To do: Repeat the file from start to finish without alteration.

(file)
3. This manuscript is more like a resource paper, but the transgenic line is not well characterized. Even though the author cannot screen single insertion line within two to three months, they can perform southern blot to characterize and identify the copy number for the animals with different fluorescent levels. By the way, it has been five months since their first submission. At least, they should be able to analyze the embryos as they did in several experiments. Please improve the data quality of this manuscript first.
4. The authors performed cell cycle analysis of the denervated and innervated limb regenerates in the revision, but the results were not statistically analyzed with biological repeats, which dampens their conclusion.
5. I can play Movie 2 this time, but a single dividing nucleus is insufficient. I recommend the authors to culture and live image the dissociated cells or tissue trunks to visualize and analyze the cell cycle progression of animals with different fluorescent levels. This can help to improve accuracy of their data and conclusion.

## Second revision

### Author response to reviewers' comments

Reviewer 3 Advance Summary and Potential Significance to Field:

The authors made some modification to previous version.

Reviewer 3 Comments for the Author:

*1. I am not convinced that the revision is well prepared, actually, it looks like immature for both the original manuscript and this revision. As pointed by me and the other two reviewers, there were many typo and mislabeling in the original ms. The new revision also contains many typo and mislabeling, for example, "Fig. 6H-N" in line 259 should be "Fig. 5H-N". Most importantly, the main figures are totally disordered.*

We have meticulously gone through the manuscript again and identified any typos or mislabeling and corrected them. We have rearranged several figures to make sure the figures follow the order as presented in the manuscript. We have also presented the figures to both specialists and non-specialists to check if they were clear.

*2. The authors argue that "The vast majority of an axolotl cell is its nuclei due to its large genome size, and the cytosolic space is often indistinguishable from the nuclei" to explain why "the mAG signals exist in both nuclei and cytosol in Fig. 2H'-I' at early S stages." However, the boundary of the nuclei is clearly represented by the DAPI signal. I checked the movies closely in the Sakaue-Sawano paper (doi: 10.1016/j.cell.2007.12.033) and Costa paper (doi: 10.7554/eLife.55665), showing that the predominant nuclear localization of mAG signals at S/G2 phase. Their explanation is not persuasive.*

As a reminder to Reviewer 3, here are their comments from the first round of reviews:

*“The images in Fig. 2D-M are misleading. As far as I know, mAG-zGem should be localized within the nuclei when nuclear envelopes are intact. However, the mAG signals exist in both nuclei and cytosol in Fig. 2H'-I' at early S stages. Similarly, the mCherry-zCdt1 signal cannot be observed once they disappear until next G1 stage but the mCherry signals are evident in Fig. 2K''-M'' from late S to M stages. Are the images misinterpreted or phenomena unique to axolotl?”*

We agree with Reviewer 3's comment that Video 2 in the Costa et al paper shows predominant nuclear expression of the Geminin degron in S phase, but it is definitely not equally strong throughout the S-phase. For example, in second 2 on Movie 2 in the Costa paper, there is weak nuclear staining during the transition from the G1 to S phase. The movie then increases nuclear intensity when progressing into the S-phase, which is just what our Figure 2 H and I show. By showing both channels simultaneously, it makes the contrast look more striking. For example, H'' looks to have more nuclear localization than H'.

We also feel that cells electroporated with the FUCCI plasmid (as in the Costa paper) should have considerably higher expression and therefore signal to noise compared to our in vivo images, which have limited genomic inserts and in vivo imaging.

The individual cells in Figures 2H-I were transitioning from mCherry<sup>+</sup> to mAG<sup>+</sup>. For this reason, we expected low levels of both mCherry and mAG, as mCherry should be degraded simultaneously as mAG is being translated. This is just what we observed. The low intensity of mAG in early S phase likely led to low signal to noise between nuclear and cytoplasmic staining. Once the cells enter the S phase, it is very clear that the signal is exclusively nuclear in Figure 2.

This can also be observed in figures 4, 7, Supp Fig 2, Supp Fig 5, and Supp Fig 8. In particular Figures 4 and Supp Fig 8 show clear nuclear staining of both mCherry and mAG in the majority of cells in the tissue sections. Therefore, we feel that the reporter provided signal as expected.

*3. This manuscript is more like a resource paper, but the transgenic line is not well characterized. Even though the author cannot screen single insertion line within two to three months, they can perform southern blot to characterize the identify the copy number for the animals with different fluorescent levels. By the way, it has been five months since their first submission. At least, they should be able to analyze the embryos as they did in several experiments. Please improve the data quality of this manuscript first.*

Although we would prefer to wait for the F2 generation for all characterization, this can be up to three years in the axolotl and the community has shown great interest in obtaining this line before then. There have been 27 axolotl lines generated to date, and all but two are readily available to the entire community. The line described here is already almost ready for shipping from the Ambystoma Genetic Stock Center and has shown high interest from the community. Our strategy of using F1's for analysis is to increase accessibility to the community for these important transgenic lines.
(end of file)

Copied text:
3. This manuscript is more like a resource paper, but the transgenic line is not well characterized. Even though the author cannot screen single insertion line within two to three months, they can perform southern blot to characterize and identify the copy number for the animals with different fluorescent levels. By the way, it has been five months since their first submission. At least, they should be able to analyze the embryos as they did in several experiments. Please improve the data quality of this manuscript first.
4. The authors performed cell cycle analysis of the denervated and innervated limb regenerates in the revision, but the results were not statistically analyzed with biological repeats, which dampens their conclusion.
5. I can play Movie 2 this time, but a single dividing nucleus is insufficient. I recommend the authors to culture and live image the dissociated cells or tissue trunks to visualize and analyze the cell cycle progression of animals with different fluorescent levels. This can help to improve accuracy of their data and conclusion.

## Second revision

### Author response to reviewers' comments

Reviewer 3 Advance Summary and Potential Significance to Field:

The authors made some modification to previous version.

Reviewer 3 Comments for the Author:

*1. I am not convinced that the revision is well prepared, actually, it looks like immature for both the original manuscript and this revision. As pointed by me and the other two reviewers, there were many typo and mislabeling in the original ms. The new revision also contains many typo and mislabeling, for example, "Fig. 6H-N" in line 259 should be "Fig. 5H-N". Most importantly, the main figures are totally disordered.*

We have meticulously gone through the manuscript again and identified any typos or mislabeling and corrected them. We have rearranged several figures to make sure the figures follow the order as presented in the manuscript. We have also presented the figures to both specialists and non-specialists to check if they were clear.

*2. The authors argue that "The vast majority of an axolotl cell is its nuclei due to its large genome size, and the cytosolic space is often indistinguishable from the nuclei" to explain why "the mAG signals exist in both nuclei and cytosol in Fig. 2H'-I' at early S stages." However, the boundary of the nuclei is clearly represented by the DAPI signal. I checked the movies closely in the Sakaue-Sawano paper (doi: 10.1016/j.cell.2007.12.033) and Costa paper (doi: 10.7554/eLife.55665), showing that the predominant nuclear localization of mAG signals at S/G2 phase. Their explanation is not persuasive.*

As a reminder to Reviewer 3, here are their comments from the first round of reviews:

*“The images in Fig. 2D-M are misleading. As far as I know, mAG-zGem should be localized within the nuclei when nuclear envelopes are intact. However, the mAG signals exist in both nuclei and cytosol in Fig. 2H'-I' at early S stages. Similarly, the mCherry-zCdt1 signal cannot be observed once they disappear until next G1 stage but the mCherry signals are evident in Fig. 2K''-M'' from late S to M stages. Are the images misinterpreted or phenomena unique to axolotl?”*

We agree with Reviewer 3's comment that Video 2 in the Costa et al paper shows predominant nuclear expression of the Geminin degron in S phase, but it is definitely not equally strong throughout the S-phase. For example, in second 2 on Movie 2 in the Costa paper, there is weak nuclear staining during the transition from the G1 to S phase. The movie then increases nuclear intensity when progressing into the S-phase, which is just what our Figure 2 H and I show. By showing both channels simultaneously, it makes the contrast look more striking. For example, H'' looks to have more nuclear localization than H'.

We also feel that cells electroporated with the FUCCI plasmid (as in the Costa paper) should have considerably higher expression and therefore signal to noise compared to our in vivo images, which have limited genomic inserts and in vivo imaging.

The individual cells in Figures 2H-I were transitioning from mCherry<sup>+</sup> to mAG<sup>+</sup>. For this reason, we expected low levels of both mCherry and mAG, as mCherry should be degraded simultaneously as mAG is being translated. This is just what we observed. The low intensity of mAG in early S phase likely led to low signal to noise between nuclear and cytoplasmic staining. Once the cells enter the S phase, it is very clear that the signal is exclusively nuclear in Figure 2.

This can also be observed in figures 4, 7, Supp Fig 2, Supp Fig 5, and Supp Fig 8. In particular Figures 4 and Supp Fig 8 show clear nuclear staining of both mCherry and mAG in the majority of cells in the tissue sections. Therefore, we feel that the reporter provided signal as expected.

*3. This manuscript is more like a resource paper, but the transgenic line is not well characterized. Even though the author cannot screen single insertion line within two to three months, they can perform southern blot to characterize the identify the copy number for the animals with different fluorescent levels. By the way, it has been five months since their first submission. At least, they should be able to analyze the embryos as they did in several experiments. Please improve the data quality of this manuscript first.*

Although we would prefer to wait for the F2 generation for all characterization, this can be up to three years in the axolotl and the community has shown great interest in obtaining this line before then. There have been 27 axolotl lines generated to date, and all but two are readily available to the entire community. The line described here is already almost ready for shipping from the Ambystoma Genetic Stock Center and has shown high interest from the community. Our strategy of using F1's for analysis is to increase accessibility to the community for these important transgenic lines.